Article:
I was initially apprehensive when I heard I would need to interview an immigrant for one of my classes. Although I had spoken with many family members and friends and heard their own stories, this assignment was a new experience for me.
What if I did not get enough information for the project? What if I messed up the questions or made it uncomfortable for my narrator to share her story?
To interview another person, or a narrator, means that I would be creating an Oral History, specifically about the narrator’s experiences as an immigrant. Oral History can be defined as “the recording of personal testimony delivered in oral form with purposes beyond the recording itself” (Yow 4).
Basically, this form of research allows a narrator to be interviewed so their individual story can be preserved not only for the interviewer, but also for others interested in the narrator’s story.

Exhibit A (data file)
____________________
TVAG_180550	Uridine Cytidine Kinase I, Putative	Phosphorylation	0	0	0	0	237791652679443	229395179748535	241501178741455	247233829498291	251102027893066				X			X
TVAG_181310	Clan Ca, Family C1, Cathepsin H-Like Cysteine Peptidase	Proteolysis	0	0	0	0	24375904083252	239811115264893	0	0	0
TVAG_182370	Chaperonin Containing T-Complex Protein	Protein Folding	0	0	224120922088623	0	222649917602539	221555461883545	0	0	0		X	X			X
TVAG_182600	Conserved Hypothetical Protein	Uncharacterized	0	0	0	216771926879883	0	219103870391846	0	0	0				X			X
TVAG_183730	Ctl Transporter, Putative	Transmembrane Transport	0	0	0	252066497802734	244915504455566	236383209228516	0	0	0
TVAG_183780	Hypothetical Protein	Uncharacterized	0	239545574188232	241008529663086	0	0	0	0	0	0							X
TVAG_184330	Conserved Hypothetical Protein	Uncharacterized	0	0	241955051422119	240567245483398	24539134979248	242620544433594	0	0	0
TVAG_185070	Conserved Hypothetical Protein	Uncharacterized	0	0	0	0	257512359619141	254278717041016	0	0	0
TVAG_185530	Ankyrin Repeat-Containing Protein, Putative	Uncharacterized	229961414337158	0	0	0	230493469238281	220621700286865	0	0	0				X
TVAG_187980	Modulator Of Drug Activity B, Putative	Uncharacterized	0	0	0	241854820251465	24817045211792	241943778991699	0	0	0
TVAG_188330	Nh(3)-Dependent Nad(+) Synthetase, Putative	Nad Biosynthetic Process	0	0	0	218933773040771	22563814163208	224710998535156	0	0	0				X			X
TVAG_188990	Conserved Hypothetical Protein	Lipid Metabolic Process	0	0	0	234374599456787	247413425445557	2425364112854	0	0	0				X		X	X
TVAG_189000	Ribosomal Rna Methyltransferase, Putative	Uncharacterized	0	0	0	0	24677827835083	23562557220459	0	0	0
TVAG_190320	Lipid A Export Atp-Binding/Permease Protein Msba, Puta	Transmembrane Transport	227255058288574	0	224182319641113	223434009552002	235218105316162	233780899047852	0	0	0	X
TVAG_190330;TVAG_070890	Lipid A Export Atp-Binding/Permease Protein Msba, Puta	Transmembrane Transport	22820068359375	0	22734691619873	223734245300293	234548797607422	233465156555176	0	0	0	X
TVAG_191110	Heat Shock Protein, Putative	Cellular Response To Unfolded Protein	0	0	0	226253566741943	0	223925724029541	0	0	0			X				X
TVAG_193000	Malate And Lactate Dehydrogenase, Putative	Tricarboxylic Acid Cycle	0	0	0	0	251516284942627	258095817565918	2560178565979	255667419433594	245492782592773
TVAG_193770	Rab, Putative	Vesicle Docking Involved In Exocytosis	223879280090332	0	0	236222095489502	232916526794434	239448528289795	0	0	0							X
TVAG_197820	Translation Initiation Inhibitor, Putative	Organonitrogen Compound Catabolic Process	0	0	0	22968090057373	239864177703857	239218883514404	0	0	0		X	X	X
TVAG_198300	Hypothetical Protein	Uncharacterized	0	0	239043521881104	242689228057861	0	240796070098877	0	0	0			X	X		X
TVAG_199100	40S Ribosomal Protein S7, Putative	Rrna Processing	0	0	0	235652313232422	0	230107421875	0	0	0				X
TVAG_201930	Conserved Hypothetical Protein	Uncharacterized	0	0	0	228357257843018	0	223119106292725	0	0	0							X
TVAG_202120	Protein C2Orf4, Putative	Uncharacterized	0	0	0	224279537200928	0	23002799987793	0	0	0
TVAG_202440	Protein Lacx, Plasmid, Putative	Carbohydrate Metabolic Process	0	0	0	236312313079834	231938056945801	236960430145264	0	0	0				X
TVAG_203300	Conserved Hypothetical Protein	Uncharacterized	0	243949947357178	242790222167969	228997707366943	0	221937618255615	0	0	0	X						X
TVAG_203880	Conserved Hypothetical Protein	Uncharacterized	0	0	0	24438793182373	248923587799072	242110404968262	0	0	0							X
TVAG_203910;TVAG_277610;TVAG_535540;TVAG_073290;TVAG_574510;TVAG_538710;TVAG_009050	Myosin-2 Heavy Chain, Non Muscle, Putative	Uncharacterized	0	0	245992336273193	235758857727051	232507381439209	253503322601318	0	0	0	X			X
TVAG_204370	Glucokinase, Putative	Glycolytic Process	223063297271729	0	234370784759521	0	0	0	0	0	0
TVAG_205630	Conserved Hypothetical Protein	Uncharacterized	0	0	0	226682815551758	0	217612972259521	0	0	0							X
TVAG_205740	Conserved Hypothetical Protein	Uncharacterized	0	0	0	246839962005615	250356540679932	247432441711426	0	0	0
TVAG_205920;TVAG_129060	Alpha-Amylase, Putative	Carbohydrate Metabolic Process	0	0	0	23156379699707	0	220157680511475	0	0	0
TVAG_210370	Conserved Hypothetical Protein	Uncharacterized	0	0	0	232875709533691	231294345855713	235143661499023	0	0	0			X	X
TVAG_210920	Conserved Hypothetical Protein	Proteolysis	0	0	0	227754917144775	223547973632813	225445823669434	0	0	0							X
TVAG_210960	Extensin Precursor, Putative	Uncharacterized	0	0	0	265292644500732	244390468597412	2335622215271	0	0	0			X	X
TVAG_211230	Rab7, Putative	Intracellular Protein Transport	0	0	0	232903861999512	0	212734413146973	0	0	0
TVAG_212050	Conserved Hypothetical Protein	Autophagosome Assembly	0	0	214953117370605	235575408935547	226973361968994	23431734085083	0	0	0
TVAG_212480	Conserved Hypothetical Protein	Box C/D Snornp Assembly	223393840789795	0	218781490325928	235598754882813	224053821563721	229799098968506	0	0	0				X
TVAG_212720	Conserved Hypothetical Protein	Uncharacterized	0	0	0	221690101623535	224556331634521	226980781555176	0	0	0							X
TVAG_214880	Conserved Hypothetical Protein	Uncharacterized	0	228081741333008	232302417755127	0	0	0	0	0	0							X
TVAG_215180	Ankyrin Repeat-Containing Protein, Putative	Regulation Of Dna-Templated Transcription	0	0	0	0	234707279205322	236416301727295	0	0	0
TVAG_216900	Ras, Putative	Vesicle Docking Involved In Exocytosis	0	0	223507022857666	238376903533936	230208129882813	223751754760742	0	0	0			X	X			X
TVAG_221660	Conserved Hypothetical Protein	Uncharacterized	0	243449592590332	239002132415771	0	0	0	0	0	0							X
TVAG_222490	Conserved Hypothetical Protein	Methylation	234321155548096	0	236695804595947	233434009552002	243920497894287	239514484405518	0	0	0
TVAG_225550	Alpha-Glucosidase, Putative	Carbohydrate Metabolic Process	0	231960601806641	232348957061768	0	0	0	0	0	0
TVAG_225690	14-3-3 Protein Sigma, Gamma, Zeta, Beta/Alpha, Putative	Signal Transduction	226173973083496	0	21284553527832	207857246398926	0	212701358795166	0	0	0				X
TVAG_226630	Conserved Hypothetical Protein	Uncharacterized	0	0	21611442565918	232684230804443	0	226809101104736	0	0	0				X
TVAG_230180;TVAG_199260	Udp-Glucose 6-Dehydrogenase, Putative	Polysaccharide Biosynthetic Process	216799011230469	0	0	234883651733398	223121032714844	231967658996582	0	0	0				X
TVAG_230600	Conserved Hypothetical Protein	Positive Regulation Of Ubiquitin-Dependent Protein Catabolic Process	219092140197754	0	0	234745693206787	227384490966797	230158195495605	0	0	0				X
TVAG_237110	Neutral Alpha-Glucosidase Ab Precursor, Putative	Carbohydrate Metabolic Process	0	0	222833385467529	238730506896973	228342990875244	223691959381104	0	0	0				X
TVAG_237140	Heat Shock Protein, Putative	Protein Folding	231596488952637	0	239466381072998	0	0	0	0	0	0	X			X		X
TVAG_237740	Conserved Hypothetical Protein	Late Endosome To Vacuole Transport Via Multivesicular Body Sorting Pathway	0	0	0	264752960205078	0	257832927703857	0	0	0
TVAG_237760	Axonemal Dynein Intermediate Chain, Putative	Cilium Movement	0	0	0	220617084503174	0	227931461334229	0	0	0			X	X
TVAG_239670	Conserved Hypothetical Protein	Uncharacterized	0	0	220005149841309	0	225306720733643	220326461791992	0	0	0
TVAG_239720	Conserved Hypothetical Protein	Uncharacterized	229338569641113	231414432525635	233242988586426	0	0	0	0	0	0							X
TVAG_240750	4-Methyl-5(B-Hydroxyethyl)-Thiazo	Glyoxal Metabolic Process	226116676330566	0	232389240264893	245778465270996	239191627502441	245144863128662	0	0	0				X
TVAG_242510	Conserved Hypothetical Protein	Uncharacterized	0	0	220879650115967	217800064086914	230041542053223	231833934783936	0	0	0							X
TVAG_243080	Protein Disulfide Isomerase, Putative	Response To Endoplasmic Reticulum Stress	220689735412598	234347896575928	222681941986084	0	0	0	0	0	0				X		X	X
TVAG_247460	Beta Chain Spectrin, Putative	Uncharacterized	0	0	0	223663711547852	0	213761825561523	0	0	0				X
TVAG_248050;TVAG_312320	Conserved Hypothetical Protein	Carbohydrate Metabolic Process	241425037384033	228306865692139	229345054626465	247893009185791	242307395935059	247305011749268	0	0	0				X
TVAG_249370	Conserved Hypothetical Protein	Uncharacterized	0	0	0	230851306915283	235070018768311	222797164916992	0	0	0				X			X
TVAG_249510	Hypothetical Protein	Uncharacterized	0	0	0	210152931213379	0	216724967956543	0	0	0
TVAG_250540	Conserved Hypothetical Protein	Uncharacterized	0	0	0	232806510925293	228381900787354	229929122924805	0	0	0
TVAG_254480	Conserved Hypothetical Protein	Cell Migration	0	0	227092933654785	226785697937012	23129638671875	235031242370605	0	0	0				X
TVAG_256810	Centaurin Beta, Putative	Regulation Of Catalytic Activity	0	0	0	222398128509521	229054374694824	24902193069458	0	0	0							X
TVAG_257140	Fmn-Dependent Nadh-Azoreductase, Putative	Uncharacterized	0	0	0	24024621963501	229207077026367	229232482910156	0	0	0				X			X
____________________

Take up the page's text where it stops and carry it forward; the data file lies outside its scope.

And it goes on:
I chose my narrator from among those in my extended family. I had heard parts of my family’s migration story, but I had yet to hear this particular relative’s story from her own point of view. Realizing this, I became more excited about taking the time to hear her immigration story.
After studying the process of conducting an in-depth interview, I now see why it is so important to seek out other peoples’ experiences. Oral History adds meaning and perspective to the events and facts that make up History. I may never have decided to ask my family member to tell me her story if not for this class. When I interview, it is much more than a casual conversation because it is a conversation with a purpose.
Yow, Valerie Raleigh. Recording Oral History: A Guide for the Humanities and Social Sciences.Third Edition. Maryland: Rowman and Littlefield Publishing Group, Inc. 2015.